The patient was started on methotrexate 20 mg weekly, folic acid 800 mcg daily, and clobetasol and desonide corticosteroid creams on the affected areas of the skin. When his symptoms flared, he was restarted on prednisone 5 mg twice a day for a few weeks.
The patient tried to continue football and school but he was unable to do so, and he took a medical leave of absence. His myalgias are improved month by month. His hair grew back, but his rash is improving much slower.
Dermatomyositis is an idiopathic myopathy with characteristic skin findings. Symptoms may include pruritic rash on exposed skin surfaces, hair loss, and proximal muscle weakness (difficulty combing hair, climbing stairs). Muscles usually are not tender on exam.
On physical exam, the clinician may find the characteristic periorbital heliotrope rash (named after the violet-colored flower) and Gottren’s papules on the MCPs, PIPs and DIPs. Also, the patient may have a malar rash, poikloderma, violaceous erythema on extensor surfaces, or periungal / cuticular changes.
Labs can reveal an elevated CK, aldolase, LD, and AST. Myositis specific antibodies are present in 30% of patients (ANA, Anti-Mi-2, specific, not sensitive for dermatomyositis), Anti-Jo-1 (more common in polymyositis).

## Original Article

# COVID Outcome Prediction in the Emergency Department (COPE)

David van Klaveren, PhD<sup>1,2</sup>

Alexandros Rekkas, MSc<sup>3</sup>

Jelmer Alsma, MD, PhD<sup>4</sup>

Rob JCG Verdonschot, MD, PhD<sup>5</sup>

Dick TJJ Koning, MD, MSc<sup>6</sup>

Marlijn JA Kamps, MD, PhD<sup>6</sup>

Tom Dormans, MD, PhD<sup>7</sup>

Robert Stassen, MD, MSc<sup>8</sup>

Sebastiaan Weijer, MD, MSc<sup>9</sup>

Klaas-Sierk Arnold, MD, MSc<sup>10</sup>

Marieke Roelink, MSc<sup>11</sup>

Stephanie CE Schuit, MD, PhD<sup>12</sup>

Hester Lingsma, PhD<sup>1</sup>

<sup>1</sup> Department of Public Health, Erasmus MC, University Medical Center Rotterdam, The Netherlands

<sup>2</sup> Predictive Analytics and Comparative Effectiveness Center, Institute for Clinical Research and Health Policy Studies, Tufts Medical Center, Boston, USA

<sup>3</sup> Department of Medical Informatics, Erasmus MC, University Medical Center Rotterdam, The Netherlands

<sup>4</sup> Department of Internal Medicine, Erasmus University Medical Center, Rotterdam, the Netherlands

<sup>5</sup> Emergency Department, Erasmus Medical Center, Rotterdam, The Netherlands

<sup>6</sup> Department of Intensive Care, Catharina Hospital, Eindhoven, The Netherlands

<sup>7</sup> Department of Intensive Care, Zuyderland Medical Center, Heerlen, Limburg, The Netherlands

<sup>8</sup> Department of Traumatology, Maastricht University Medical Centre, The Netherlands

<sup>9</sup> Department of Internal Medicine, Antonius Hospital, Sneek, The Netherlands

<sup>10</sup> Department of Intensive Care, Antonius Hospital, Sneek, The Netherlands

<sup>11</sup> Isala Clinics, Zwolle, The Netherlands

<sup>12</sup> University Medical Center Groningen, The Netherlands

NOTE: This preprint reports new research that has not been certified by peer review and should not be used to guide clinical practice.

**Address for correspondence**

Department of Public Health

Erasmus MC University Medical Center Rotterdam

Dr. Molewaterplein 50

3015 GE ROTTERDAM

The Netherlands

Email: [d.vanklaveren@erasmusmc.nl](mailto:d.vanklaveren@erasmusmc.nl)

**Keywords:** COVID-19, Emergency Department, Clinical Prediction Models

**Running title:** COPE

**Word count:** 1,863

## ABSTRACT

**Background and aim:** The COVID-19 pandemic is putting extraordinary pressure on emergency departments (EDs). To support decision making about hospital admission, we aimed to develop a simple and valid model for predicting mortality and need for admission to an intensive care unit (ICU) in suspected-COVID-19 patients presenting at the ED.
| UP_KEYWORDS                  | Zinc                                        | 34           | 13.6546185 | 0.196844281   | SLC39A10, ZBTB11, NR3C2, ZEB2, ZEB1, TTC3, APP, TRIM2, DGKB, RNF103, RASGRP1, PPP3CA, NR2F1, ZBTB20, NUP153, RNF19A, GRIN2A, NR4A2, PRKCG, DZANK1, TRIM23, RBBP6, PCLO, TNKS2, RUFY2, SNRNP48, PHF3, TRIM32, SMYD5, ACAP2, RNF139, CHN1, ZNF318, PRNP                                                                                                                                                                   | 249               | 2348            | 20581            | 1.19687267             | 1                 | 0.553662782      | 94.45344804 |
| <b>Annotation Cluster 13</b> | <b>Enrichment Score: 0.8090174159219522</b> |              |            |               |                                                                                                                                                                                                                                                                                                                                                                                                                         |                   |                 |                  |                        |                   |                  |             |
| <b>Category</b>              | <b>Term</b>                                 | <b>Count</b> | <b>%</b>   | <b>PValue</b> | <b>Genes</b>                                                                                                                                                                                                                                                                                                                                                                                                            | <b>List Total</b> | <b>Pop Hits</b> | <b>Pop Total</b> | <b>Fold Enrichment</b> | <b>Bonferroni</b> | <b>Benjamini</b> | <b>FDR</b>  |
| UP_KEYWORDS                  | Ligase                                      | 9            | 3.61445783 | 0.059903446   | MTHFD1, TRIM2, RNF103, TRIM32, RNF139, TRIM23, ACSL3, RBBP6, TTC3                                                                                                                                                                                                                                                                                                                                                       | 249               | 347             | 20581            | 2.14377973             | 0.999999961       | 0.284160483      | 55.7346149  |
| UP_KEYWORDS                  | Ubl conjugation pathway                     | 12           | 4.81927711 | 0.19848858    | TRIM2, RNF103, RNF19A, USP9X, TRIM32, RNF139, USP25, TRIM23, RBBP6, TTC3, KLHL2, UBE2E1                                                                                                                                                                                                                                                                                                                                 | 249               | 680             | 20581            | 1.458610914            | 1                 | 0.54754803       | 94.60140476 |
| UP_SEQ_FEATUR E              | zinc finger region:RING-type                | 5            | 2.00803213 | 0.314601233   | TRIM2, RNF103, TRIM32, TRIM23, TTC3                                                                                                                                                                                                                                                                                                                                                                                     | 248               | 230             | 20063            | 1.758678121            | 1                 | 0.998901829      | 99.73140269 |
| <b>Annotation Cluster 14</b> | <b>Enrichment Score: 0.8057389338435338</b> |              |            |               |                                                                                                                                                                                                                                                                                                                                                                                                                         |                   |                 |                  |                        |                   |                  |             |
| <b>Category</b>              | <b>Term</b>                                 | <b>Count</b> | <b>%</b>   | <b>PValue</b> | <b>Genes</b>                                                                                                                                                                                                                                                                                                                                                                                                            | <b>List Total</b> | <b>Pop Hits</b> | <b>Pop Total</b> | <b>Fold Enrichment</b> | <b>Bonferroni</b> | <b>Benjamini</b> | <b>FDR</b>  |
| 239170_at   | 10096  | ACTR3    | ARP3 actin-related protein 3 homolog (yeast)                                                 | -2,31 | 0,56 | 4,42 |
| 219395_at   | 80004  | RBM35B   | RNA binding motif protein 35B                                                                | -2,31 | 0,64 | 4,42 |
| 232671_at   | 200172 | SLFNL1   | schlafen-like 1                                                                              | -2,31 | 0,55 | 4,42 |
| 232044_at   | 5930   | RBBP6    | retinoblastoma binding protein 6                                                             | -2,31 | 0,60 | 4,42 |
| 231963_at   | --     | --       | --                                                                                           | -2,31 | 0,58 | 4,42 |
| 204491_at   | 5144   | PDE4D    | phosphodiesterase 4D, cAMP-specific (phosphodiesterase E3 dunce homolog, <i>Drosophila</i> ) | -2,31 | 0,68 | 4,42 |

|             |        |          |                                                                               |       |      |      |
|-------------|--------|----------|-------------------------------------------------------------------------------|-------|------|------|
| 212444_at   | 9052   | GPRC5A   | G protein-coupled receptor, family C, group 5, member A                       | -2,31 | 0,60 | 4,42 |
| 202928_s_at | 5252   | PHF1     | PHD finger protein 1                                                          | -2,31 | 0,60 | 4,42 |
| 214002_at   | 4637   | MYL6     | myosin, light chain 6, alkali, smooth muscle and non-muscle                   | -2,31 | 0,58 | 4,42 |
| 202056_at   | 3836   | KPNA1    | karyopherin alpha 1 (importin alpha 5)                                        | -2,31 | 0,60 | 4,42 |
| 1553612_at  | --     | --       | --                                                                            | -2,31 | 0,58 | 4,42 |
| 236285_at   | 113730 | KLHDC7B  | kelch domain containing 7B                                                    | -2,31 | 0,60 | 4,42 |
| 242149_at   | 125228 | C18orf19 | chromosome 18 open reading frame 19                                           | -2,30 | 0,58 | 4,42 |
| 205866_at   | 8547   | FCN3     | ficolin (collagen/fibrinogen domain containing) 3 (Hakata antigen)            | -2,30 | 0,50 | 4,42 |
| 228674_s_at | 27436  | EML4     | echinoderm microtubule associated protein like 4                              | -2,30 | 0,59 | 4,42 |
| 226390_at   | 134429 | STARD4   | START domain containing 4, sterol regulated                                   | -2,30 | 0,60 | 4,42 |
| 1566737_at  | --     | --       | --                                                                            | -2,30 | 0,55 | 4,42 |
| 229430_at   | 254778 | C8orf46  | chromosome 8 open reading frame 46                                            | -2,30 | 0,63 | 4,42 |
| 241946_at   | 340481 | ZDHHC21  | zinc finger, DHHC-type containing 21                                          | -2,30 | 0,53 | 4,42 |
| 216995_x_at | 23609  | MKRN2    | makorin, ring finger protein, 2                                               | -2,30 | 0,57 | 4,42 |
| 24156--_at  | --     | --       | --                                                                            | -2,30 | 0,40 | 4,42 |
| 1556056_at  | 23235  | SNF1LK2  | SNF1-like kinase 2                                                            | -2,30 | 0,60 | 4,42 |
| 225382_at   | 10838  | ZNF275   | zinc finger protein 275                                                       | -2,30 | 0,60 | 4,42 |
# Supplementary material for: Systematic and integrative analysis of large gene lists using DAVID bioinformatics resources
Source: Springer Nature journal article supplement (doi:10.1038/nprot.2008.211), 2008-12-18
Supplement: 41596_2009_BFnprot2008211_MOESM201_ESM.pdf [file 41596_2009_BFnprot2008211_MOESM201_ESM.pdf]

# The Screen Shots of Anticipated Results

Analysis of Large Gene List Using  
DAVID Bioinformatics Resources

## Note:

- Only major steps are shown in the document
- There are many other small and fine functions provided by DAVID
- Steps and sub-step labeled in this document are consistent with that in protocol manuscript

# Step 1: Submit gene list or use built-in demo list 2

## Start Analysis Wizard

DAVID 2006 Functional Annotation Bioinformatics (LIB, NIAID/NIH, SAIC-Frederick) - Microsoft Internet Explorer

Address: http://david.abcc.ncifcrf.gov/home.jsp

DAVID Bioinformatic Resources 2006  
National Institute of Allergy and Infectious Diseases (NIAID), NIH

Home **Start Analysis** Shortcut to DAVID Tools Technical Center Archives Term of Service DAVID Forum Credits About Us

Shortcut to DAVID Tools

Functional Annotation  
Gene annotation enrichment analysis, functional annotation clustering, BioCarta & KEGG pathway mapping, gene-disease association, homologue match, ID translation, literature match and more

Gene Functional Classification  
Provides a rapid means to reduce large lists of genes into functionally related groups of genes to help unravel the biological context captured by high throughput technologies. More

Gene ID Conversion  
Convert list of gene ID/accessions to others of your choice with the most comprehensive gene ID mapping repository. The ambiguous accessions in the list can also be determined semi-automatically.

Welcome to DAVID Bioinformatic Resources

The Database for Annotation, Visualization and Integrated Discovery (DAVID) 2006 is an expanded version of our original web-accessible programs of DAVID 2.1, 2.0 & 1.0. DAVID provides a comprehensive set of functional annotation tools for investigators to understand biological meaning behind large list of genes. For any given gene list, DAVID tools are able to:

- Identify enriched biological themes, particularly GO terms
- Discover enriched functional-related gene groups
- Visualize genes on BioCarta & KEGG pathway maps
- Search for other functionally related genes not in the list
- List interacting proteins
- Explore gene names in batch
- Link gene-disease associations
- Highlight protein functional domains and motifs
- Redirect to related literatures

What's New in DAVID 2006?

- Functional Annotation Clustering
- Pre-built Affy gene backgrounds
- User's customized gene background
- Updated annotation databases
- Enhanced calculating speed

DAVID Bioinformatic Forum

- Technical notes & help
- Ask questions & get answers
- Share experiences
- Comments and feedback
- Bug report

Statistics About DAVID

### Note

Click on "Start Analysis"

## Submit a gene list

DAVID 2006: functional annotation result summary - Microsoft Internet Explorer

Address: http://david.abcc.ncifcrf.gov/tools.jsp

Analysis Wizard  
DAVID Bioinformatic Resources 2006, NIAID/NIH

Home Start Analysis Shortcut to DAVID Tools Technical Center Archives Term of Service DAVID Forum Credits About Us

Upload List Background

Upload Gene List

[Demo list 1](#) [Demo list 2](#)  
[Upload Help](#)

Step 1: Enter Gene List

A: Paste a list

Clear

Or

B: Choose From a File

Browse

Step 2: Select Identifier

Consider MRI if you are suspicious for inflammatory myopathy. Chest x-ray, EMG, and muscle biopsy can also be a part of the work-up.
Complications include cardiopulmonary involvement. Calcinosis can occur and is seen more frequently in children. There is an association with malignancy more often if age > 60.
Treatments options for myalgia include corticosteroids and immunosuppressive agents. For the skin manifestations, sun avoidance, sunscreens, topical corticosteroids, antimalarial agents, methotrexate, IVIG are all available therapies.
With treatment, remission is seen in 20%. 5% have a progressive course resulting in death. Many do not recover completely, and have residual weakness or other sequelae.
Dermatomyositis is a disease process of unknown etiology. Due to the wide array of signs and symptoms, it is often difficult to diagnose and can be confused with other disease processes, such as systemic lupus erythematosus and other collagen vascular disorders, contact dermatitis, and HIV. Dermatomyositis can often be distinguished from other diseases by the characteristic cutaneous findings, as mentioned by the author. Initiating early therapy is important to improving function and preventing further disability. Prednisone is the first-line medication, with methotrexate as adjunctive therapy. Delays in treatment can lead to further morbidity and even mortality.
Callen JP. Dermatomyositis. EMedicine Rheuamtology. Updated 1/7/11. Accessed 2/28/11. http://emedicine.medscape.com/article/332783-overview.
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